- Posted October 23, 2012 by
Palo Alto, California
This iReport is part of an assignment:
Stories from Second Life
A Novel of the Cuban Missile Crisis Fifty Years Later
In the fall of 1940, Kennedy was just killing time at Stanford. He’d already graduated from Harvard College. His book Why England Slept (based on his senior thesis) had hit the bestseller lists in the spring. He figured war was coming, and he’d enlist. His father, the formidable Joseph P. Kennedy, Sr., the American ambassador to Great Britain, wanted him to go to Yale Law School. But his older brother’s college roommate had expounded on two major differences between Harvard and Stanford--the weather and co-education. That was argument enough to make JFK beat it to Palo Alto as a special student at the business school. What better place to hang out?
I could empathize with “Jack” Kennedy. After graduating from college, I was trying to figure out what to do as well. To get far away from my hometown (which, after all, is Palo Alto), I headed over to England to study history. Good decision. I am just now realizing that what I loved about studying history is the same thing I love about composing thrillers. In both, I get to look at how people react to an emergency, a time of high drama, and how they show courage--or not. That’s a theme I explore in my new e-book, A Fine and Dangerous Season. Using primary research whenever possible, I try to fit the events of the novel into the interstices of the historical record.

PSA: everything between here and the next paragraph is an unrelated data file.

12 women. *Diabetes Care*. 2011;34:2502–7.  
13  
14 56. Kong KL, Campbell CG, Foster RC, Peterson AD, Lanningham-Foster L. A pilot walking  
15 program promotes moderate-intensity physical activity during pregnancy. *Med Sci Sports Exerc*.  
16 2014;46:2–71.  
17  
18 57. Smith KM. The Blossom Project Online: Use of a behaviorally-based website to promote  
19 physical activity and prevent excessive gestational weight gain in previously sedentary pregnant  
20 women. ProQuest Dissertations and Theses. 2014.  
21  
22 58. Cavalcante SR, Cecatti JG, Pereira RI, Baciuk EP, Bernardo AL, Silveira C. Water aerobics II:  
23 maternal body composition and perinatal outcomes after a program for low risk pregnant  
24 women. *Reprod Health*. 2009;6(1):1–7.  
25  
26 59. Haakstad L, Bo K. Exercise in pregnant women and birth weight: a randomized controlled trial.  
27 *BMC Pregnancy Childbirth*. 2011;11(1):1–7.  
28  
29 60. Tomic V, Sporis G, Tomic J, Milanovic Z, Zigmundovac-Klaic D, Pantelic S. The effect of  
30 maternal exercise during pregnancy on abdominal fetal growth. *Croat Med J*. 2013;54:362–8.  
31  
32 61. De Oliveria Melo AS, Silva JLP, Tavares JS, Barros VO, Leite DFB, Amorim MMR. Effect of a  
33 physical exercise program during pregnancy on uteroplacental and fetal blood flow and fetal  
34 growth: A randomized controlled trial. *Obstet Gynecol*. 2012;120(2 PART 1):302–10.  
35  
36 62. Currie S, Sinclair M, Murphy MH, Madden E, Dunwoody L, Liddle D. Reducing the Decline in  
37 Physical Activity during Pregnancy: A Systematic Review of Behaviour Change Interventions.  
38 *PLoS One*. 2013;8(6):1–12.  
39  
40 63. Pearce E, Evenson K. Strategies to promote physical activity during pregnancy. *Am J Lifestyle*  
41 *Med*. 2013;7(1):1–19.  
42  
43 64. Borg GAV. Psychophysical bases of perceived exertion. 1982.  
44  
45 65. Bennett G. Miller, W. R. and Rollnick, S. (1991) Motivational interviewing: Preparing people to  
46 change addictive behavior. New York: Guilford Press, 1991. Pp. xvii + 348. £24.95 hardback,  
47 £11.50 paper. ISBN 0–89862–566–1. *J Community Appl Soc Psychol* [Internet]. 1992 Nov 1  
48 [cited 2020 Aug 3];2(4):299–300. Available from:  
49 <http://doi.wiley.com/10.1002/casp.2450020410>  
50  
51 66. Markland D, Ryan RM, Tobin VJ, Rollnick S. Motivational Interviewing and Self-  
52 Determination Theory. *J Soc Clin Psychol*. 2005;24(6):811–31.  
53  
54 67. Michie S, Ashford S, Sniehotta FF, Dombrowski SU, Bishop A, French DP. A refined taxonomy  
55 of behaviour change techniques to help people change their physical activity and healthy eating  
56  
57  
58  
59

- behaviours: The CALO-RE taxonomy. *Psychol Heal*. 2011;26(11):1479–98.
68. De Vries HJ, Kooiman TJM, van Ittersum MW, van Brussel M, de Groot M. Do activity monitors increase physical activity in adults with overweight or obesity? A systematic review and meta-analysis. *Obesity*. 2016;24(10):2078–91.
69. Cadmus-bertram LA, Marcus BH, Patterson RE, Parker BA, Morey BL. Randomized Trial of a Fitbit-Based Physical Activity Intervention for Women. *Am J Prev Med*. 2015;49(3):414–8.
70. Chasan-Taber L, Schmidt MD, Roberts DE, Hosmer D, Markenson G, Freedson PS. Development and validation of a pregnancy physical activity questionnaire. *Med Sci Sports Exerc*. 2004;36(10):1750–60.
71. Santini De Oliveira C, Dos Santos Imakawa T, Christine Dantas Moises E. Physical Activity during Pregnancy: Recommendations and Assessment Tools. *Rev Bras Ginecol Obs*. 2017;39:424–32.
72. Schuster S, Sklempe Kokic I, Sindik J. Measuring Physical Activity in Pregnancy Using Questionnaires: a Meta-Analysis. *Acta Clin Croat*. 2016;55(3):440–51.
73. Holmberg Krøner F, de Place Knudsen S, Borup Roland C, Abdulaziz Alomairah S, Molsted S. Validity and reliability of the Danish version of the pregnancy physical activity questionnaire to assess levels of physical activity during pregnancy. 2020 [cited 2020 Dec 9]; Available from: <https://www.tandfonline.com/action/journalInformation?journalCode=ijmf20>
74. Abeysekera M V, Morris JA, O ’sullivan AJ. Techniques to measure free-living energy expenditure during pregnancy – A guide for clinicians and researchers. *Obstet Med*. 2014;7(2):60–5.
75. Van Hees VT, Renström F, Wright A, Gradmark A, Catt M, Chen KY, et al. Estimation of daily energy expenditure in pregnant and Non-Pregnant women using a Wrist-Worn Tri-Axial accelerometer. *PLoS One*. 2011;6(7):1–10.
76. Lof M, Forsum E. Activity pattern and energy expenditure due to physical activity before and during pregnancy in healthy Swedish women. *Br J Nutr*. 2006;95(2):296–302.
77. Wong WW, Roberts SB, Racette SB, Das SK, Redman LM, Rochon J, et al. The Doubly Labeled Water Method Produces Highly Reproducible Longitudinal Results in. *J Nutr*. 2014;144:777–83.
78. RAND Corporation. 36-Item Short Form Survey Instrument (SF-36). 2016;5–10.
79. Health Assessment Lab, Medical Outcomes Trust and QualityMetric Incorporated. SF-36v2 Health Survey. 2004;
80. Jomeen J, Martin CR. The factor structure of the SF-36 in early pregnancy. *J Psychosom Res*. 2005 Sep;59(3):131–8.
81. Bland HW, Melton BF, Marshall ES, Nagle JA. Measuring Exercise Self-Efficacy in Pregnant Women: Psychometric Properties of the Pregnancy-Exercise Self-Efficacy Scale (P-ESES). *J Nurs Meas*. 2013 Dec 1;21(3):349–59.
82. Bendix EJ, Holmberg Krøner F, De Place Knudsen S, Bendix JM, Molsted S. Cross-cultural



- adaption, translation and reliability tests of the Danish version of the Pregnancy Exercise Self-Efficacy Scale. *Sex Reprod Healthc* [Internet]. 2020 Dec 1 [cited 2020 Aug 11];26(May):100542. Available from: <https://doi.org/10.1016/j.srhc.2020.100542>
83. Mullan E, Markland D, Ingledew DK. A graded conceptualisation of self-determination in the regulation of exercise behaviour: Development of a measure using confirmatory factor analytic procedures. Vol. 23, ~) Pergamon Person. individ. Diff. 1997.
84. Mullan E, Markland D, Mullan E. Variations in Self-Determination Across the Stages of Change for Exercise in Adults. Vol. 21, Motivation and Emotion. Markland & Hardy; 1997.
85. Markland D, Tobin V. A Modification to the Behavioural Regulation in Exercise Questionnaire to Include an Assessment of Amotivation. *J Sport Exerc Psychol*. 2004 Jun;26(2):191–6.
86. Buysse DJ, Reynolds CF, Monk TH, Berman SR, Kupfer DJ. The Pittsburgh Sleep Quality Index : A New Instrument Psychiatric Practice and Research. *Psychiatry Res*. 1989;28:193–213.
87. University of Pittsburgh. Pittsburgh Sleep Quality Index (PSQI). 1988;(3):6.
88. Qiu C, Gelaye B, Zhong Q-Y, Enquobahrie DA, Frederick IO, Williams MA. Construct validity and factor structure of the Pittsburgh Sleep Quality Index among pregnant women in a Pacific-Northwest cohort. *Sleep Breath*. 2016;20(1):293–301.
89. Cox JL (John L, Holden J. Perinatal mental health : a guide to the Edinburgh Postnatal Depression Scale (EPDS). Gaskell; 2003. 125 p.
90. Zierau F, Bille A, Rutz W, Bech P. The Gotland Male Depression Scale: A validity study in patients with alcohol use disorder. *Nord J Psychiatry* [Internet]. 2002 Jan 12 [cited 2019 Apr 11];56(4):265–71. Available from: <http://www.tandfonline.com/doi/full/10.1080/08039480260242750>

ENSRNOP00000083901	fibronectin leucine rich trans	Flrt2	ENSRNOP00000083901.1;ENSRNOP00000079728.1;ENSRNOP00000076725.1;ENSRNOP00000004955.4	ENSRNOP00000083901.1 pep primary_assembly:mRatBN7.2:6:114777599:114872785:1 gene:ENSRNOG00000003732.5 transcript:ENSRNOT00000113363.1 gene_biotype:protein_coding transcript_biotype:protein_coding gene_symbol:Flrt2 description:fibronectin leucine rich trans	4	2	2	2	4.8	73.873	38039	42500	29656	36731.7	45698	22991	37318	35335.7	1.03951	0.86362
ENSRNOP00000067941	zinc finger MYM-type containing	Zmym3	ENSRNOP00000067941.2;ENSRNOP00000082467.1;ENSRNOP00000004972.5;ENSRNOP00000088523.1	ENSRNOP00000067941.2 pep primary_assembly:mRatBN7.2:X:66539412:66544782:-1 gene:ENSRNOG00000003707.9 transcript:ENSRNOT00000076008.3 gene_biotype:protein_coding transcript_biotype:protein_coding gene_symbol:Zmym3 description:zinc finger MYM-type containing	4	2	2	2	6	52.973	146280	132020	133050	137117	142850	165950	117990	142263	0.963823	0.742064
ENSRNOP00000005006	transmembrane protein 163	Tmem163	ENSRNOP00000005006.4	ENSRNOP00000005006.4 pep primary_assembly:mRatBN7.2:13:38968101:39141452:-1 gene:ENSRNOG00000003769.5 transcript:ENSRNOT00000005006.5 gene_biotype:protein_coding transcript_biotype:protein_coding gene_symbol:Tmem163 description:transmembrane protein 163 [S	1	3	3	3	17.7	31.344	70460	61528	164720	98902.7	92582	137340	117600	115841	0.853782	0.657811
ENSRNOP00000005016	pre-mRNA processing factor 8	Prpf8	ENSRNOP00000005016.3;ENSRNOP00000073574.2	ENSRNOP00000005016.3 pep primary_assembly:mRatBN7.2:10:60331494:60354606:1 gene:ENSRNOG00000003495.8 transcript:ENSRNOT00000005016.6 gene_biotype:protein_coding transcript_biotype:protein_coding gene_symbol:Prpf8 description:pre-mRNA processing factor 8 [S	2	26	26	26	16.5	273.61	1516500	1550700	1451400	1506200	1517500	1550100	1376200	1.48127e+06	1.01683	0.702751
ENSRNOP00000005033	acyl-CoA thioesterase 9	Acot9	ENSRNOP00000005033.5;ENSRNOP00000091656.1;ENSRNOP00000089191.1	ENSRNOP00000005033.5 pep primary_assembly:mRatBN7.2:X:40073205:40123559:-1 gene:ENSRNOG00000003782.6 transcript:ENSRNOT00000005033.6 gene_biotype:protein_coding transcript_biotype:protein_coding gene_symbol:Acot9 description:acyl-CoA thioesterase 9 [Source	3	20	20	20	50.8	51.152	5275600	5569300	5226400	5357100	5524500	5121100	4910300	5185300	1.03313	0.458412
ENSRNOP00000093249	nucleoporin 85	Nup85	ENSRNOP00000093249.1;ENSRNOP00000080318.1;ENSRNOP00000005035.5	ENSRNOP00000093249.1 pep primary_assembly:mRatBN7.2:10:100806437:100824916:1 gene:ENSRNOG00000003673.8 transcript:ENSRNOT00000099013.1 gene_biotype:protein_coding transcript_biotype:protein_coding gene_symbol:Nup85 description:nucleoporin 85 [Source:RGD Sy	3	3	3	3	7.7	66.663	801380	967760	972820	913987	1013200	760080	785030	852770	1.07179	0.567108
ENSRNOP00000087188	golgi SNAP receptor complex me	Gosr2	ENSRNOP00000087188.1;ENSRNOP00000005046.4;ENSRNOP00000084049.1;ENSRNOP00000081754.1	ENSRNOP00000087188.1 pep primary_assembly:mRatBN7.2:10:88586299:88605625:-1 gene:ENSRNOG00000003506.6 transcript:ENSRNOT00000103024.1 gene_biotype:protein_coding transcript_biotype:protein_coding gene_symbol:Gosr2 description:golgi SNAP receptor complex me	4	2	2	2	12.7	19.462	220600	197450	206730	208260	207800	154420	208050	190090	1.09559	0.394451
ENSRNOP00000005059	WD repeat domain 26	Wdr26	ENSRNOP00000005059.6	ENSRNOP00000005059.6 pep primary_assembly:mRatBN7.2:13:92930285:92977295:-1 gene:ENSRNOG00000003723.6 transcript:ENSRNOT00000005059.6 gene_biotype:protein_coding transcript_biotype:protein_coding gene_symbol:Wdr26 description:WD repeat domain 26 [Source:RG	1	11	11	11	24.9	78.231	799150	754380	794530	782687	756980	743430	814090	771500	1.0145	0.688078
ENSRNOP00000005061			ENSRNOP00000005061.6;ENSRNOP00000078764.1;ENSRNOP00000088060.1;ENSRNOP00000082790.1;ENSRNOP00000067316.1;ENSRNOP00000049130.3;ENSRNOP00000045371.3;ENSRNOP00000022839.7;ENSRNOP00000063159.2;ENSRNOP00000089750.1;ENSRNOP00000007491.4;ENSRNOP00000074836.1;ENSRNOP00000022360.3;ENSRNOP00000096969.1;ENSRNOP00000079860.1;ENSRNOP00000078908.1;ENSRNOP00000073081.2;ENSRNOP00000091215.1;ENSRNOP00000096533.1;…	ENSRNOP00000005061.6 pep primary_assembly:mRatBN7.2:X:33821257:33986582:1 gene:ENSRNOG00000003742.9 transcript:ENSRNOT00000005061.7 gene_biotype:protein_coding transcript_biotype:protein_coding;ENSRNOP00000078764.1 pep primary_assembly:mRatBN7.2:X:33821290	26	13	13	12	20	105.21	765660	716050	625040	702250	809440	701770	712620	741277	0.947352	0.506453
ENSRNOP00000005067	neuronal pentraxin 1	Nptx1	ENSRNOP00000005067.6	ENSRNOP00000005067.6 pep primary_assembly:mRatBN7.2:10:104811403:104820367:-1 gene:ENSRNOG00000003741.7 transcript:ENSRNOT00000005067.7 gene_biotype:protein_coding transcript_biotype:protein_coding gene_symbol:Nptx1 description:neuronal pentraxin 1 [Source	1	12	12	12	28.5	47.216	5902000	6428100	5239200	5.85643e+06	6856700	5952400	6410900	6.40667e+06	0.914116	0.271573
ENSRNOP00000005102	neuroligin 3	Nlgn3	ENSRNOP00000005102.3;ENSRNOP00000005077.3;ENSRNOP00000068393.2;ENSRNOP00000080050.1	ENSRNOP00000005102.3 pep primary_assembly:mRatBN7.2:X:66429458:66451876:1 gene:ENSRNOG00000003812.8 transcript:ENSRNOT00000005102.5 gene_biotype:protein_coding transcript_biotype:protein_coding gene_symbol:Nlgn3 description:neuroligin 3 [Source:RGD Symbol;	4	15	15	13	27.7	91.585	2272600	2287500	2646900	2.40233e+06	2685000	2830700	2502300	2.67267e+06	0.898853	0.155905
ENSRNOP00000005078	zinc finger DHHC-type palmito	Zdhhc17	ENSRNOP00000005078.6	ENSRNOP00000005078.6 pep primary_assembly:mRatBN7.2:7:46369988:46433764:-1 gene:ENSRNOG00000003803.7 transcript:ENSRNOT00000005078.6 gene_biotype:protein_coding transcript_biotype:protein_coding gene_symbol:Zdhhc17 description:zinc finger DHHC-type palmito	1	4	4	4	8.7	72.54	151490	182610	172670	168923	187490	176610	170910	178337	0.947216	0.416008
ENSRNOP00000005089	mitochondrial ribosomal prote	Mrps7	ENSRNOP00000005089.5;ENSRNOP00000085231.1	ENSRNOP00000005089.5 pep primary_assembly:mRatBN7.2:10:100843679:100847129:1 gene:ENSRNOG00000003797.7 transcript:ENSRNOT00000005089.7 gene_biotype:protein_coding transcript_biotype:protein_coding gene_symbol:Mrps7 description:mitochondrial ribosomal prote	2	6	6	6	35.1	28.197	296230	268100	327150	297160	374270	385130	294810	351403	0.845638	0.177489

As a first step, I drove by 624 Mayfield on campus where Kennedy lived in a guest house that he rented for $60 per month. (The house is long gone.) JFK used to head down to Los Angeles, too. In his 1980 memoir, Straight Shooting, actor Robert Stack of The Untouchables fame describes how JFK took advantage of Stack’s “little pad” on Whitley Terrace for rendezvous with various Hollywood starlets. At the Palo Alto Library, I found old menus from JFK’s favorite hangout, L’Omelette. The prices seemed reasonable enough--a quarter for a martini and six bits for a French lamb chop dinner! I discovered JFK’s favorite courses at Stanford weren’t business classes at all, but--no surprise--courses on politics and international relations. From the archives of the student newspaper, The Stanford Daily, I learned that the closest call in Stanford’s 1940 undefeated football season came against the University of California, Los Angeles, where a fellow named Jackie Robinson almost beat the Stanford team single-handed.
Back at the Kennedy Presidential Library in Boston, I found a teasing and witty letter from Kennedy’s Stanford girlfriend Harriet “Flip” Price, who chided, “You wouldn’t exactly win a prize for the world’s best correspondent.” I got the biggest kick of all when I came across the schedule of movies at the Stanford Theatre--which, amazingly enough, is still showing great films from the 1940s in downtown Palo Alto. In one scene of my novel, set on a Saturday night in October 1940, my man Nate and his girlfriend eat popcorn and hold greasy hands while the movie showing is The Quarterback. Wayne Morris plays twins, one a star football player without too much upstairs and the other an egghead studying to be a professor. Inevitably, both loved the same girl, an oblique metaphor to what was happening in the “real life” laid out in my book.